Polycystic ovary syndrome – or PCOS – is reported to affect 1 in 5 women worldwide, three quarters of whom struggle to fall pregnant. The cause behind the condition, typically characterised by high levels of testosterone, irregular menstrual cycles and problems regulating sugar, has long been a mystery to scientists. But now, a team of researchers at the French National Institute of Health and Medical Research have found that the syndrome may be triggered before birth by excess exposure in the womb to a hormone called anti-Mullerianhormone.
The team discovered that pregnant women with polycystic ovary syndrome have 30 percent higher levels of the anti-Müllerian hormone than normal. Since the syndrome is known to run in families, they wondered if this hormonal imbalance in pregnancy might induce the same condition in their daughters.
To test this idea, they injected excess anti-Müllerian hormone into pregnant mice. As their female offspring grew up, they displayed many of the hallmarks of polycystic ovary syndrome, including later puberty, infrequent ovulation, delays in falling pregnant, and fewer offspring.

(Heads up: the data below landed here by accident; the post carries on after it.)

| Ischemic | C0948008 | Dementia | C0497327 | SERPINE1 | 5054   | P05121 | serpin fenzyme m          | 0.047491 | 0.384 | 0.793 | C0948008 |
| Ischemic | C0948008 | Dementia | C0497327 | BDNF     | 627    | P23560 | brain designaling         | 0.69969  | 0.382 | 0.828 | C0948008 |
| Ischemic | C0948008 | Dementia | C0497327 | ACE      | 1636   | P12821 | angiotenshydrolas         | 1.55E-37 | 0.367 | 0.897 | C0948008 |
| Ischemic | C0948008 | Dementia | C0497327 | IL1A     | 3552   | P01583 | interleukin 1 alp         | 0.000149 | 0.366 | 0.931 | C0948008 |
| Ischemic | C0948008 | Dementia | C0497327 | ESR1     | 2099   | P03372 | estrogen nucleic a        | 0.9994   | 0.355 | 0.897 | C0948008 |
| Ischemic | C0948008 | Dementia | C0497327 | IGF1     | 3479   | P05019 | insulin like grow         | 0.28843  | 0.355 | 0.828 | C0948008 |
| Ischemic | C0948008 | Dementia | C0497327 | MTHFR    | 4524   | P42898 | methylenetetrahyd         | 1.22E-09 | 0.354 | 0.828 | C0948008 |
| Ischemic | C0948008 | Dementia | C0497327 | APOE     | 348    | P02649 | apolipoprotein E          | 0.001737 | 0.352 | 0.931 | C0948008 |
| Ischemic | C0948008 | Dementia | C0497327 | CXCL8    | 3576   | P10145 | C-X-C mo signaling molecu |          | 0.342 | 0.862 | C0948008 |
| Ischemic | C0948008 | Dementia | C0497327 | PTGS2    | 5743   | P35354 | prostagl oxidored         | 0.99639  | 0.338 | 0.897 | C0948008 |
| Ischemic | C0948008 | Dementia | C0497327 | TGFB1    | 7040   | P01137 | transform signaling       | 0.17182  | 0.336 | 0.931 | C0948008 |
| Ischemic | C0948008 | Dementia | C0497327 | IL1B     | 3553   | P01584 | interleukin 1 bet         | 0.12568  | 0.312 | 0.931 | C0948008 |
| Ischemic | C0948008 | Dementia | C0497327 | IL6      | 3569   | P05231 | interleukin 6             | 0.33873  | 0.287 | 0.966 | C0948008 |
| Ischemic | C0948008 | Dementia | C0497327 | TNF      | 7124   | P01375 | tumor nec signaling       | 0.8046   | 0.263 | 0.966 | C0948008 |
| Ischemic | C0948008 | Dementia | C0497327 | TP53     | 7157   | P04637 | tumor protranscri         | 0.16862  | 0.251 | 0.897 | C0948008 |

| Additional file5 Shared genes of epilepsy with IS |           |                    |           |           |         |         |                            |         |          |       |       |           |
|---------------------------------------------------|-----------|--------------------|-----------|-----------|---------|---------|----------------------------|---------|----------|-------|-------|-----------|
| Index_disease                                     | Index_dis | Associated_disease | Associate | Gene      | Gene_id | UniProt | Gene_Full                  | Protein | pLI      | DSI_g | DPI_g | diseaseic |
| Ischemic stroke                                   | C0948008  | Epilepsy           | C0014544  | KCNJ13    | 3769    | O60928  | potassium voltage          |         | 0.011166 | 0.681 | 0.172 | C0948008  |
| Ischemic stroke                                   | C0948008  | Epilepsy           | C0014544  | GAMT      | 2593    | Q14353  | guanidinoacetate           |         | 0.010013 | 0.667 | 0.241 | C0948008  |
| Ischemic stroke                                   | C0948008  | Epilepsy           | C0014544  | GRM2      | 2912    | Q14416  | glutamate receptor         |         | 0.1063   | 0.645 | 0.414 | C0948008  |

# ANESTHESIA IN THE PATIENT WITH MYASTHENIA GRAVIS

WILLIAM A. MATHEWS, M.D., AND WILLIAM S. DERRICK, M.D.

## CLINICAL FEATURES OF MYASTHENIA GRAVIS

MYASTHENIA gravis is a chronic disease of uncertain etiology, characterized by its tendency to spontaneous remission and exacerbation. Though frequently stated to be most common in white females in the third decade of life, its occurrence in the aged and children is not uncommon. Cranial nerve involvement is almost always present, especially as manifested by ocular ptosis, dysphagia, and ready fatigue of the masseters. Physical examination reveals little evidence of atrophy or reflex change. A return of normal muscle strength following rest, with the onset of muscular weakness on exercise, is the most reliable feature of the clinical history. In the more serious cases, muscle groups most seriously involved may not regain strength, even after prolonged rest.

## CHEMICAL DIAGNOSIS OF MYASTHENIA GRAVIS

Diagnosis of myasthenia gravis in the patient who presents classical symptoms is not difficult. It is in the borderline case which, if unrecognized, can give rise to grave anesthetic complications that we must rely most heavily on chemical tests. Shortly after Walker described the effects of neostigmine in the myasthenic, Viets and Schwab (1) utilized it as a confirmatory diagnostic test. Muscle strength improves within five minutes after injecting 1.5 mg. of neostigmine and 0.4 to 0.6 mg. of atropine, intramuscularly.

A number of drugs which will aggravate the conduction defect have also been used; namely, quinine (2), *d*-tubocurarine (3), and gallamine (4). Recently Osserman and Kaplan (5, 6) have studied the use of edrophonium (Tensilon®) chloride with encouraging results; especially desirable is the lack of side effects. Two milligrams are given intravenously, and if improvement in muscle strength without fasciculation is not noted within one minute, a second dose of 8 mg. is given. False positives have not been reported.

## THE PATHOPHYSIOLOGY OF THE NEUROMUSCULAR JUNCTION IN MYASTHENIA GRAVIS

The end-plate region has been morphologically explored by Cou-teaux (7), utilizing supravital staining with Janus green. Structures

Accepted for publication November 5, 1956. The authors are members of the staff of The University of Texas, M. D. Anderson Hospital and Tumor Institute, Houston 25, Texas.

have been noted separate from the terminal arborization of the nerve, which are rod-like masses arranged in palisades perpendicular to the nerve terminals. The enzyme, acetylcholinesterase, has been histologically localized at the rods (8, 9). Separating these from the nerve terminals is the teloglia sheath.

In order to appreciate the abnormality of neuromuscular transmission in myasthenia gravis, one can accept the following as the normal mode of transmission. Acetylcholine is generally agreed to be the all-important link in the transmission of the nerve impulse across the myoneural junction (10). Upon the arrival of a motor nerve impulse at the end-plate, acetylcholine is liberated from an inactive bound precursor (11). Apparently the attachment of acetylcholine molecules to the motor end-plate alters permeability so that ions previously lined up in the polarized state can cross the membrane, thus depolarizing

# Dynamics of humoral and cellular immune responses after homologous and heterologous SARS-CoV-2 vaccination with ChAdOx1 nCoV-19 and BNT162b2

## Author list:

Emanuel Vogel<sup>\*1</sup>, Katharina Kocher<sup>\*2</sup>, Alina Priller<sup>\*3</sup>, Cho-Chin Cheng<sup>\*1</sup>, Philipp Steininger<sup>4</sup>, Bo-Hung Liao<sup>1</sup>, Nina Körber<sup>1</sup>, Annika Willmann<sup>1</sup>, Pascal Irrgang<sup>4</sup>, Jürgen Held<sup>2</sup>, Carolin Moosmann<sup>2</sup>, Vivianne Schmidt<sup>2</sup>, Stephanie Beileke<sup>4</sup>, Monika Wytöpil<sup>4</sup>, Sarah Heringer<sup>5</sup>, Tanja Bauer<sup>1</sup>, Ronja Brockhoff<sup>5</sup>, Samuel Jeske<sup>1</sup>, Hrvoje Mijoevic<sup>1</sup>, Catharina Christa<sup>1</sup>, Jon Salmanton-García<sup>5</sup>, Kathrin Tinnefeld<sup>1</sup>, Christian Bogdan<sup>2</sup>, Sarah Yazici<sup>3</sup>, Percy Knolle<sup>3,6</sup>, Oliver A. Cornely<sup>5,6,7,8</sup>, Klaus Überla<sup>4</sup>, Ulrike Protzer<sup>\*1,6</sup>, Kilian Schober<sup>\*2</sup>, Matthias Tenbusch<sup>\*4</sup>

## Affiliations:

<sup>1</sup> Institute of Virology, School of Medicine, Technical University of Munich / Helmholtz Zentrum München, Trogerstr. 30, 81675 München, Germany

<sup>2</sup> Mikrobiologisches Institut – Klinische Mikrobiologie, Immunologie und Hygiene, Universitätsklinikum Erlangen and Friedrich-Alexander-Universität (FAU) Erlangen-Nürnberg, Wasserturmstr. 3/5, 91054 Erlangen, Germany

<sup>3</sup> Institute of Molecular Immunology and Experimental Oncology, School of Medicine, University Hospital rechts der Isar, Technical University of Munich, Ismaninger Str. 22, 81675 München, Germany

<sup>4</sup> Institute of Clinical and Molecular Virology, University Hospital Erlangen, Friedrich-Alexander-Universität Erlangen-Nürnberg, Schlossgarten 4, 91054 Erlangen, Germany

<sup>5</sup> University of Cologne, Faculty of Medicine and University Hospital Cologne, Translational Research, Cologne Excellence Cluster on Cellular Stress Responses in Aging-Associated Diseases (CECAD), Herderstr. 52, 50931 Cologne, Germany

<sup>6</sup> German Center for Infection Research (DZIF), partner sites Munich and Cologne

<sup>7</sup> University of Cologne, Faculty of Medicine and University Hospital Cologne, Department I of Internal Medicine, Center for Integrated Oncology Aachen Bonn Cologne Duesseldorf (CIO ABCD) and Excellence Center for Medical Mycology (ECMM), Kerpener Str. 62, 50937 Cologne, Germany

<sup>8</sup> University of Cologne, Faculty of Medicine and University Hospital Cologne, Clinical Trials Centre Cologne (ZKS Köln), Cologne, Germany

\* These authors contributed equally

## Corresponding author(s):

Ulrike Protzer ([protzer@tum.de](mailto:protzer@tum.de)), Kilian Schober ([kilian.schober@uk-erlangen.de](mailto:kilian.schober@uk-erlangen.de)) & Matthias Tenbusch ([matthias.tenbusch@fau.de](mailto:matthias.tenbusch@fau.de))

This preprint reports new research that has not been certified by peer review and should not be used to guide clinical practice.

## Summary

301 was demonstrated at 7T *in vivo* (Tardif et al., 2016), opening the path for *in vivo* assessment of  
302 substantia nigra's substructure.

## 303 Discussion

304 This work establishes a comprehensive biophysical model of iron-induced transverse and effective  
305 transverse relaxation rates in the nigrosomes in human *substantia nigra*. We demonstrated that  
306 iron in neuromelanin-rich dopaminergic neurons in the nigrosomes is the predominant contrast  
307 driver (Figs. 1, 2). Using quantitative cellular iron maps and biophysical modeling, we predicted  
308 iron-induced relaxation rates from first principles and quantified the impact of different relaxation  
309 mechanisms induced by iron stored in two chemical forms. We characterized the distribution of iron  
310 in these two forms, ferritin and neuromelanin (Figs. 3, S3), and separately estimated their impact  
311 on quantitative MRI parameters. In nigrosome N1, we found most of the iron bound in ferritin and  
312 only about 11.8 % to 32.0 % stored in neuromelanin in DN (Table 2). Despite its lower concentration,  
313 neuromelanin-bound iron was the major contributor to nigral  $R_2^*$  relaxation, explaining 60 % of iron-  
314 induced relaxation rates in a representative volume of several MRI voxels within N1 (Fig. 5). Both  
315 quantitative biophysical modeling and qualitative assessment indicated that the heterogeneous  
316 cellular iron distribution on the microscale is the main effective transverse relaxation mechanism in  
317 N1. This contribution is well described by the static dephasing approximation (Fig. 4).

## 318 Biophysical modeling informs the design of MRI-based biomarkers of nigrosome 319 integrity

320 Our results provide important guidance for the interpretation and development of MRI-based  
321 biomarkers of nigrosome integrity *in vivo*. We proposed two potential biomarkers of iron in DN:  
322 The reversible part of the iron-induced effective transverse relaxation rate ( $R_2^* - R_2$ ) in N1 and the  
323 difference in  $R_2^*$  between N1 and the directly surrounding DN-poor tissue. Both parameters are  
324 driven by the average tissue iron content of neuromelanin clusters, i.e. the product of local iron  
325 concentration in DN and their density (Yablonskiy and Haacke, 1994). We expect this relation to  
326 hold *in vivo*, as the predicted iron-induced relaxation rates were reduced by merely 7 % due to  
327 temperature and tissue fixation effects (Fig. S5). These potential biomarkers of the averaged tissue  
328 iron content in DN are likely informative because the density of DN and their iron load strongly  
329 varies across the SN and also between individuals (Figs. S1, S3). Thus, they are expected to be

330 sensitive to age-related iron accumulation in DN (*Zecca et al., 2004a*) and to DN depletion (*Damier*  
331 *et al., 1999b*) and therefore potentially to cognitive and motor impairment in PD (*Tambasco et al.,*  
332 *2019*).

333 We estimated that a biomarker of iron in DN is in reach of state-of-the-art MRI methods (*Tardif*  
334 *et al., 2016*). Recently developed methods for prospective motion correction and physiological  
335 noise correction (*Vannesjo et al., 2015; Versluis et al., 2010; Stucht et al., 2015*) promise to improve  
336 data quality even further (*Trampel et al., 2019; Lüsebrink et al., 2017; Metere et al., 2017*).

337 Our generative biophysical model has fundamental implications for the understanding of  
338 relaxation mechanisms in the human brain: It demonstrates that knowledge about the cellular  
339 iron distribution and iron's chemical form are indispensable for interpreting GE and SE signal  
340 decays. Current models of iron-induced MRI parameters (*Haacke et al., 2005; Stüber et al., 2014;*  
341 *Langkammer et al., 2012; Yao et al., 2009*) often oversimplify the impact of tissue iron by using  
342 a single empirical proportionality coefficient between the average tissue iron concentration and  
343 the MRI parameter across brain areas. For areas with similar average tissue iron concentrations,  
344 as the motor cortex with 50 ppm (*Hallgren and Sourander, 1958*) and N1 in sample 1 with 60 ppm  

The excess hormone seemed to trigger this effect by over stimulating a set of brain cells that raise the level of testosterone.
Cure in mice
The team were able to reverse this effect in the mice using cetrorelix, an IVF drug routinely used to control women’s hormones. After treatment with this drug, the mice stopped showing symptoms of polycystic ovary syndrome.
The team is now planning a clinical trial of cetrorelix in women with the condition, which they hope to start before the end of the year. “It could be an attractive strategy to restore ovulation and eventually increase the pregnancy rate in these women”.
Until a cure is available, women with irregular periods or other PCOS symptoms should see their doctor – even if you aren’t trying to get pregnant. Read our featured blogs on PCOS here or visit the NHS website for further details.